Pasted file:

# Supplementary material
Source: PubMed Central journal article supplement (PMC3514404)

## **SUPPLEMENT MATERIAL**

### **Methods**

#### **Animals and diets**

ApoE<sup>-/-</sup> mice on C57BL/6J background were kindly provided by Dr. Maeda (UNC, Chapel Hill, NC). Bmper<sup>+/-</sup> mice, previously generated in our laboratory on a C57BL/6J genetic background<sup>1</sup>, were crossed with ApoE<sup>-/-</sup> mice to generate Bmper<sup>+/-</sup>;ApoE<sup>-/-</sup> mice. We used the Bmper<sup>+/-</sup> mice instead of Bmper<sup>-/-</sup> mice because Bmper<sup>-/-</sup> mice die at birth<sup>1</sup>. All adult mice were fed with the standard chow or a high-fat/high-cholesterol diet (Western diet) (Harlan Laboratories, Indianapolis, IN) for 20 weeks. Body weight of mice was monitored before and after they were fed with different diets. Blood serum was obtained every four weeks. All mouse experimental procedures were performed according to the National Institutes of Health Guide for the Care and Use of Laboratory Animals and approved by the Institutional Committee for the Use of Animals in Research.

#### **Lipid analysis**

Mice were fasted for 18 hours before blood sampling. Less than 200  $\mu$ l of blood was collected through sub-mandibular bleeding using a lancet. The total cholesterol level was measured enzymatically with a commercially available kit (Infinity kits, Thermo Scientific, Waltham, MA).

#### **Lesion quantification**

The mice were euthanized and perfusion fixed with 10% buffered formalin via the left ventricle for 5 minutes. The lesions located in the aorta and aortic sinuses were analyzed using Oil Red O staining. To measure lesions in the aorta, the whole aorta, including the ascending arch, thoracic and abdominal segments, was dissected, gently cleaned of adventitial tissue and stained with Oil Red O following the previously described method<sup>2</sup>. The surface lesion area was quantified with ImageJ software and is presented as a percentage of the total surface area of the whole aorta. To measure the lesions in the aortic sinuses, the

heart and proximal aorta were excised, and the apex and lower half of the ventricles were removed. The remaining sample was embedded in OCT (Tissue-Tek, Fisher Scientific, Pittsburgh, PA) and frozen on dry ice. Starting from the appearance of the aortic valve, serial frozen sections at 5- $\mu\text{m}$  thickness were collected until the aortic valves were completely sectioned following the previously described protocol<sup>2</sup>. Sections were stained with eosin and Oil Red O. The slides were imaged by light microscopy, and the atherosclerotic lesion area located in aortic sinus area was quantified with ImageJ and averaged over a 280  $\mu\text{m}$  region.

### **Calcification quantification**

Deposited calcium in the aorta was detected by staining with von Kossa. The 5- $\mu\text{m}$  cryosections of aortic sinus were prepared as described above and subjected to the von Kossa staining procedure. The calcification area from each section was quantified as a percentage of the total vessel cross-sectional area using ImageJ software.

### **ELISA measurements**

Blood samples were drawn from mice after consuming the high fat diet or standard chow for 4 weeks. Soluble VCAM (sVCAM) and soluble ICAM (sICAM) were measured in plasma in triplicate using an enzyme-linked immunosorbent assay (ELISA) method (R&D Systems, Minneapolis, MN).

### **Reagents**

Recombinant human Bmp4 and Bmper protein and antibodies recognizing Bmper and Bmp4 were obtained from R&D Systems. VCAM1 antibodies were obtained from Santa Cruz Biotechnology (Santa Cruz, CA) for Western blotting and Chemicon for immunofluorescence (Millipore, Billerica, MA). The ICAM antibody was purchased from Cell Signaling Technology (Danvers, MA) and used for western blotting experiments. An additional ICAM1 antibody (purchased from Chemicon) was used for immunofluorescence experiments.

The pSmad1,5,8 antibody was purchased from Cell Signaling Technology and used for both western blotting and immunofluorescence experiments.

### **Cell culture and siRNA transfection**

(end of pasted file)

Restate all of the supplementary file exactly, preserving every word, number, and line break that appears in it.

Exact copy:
# Supplementary material
Source: PubMed Central journal article supplement (PMC3514404)

## **SUPPLEMENT MATERIAL**

### **Methods**

#### **Animals and diets**

ApoE<sup>-/-</sup> mice on C57BL/6J background were kindly provided by Dr. Maeda (UNC, Chapel Hill, NC). Bmper<sup>+/-</sup> mice, previously generated in our laboratory on a C57BL/6J genetic background<sup>1</sup>, were crossed with ApoE<sup>-/-</sup> mice to generate Bmper<sup>+/-</sup>;ApoE<sup>-/-</sup> mice. We used the Bmper<sup>+/-</sup> mice instead of Bmper<sup>-/-</sup> mice because Bmper<sup>-/-</sup> mice die at birth<sup>1</sup>. All adult mice were fed with the standard chow or a high-fat/high-cholesterol diet (Western diet) (Harlan Laboratories, Indianapolis, IN) for 20 weeks. Body weight of mice was monitored before and after they were fed with different diets. Blood serum was obtained every four weeks. All mouse experimental procedures were performed according to the National Institutes of Health Guide for the Care and Use of Laboratory Animals and approved by the Institutional Committee for the Use of Animals in Research.

#### **Lipid analysis**

Mice were fasted for 18 hours before blood sampling. Less than 200  $\mu$ l of blood was collected through sub-mandibular bleeding using a lancet. The total cholesterol level was measured enzymatically with a commercially available kit (Infinity kits, Thermo Scientific, Waltham, MA).

#### **Lesion quantification**

The mice were euthanized and perfusion fixed with 10% buffered formalin via the left ventricle for 5 minutes. The lesions located in the aorta and aortic sinuses were analyzed using Oil Red O staining. To measure lesions in the aorta, the whole aorta, including the ascending arch, thoracic and abdominal segments, was dissected, gently cleaned of adventitial tissue and stained with Oil Red O following the previously described method<sup>2</sup>. The surface lesion area was quantified with ImageJ software and is presented as a percentage of the total surface area of the whole aorta. To measure the lesions in the aortic sinuses, the

heart and proximal aorta were excised, and the apex and lower half of the ventricles were removed. The remaining sample was embedded in OCT (Tissue-Tek, Fisher Scientific, Pittsburgh, PA) and frozen on dry ice. Starting from the appearance of the aortic valve, serial frozen sections at 5- $\mu\text{m}$  thickness were collected until the aortic valves were completely sectioned following the previously described protocol<sup>2</sup>. Sections were stained with eosin and Oil Red O. The slides were imaged by light microscopy, and the atherosclerotic lesion area located in aortic sinus area was quantified with ImageJ and averaged over a 280  $\mu\text{m}$  region.

### **Calcification quantification**

Deposited calcium in the aorta was detected by staining with von Kossa. The 5- $\mu\text{m}$  cryosections of aortic sinus were prepared as described above and subjected to the von Kossa staining procedure. The calcification area from each section was quantified as a percentage of the total vessel cross-sectional area using ImageJ software.

### **ELISA measurements**

Blood samples were drawn from mice after consuming the high fat diet or standard chow for 4 weeks. Soluble VCAM (sVCAM) and soluble ICAM (sICAM) were measured in plasma in triplicate using an enzyme-linked immunosorbent assay (ELISA) method (R&D Systems, Minneapolis, MN).

### **Reagents**

Recombinant human Bmp4 and Bmper protein and antibodies recognizing Bmper and Bmp4 were obtained from R&D Systems. VCAM1 antibodies were obtained from Santa Cruz Biotechnology (Santa Cruz, CA) for Western blotting and Chemicon for immunofluorescence (Millipore, Billerica, MA). The ICAM antibody was purchased from Cell Signaling Technology (Danvers, MA) and used for western blotting experiments. An additional ICAM1 antibody (purchased from Chemicon) was used for immunofluorescence experiments.

The pSmad1,5,8 antibody was purchased from Cell Signaling Technology and used for both western blotting and immunofluorescence experiments.

### **Cell culture and siRNA transfection**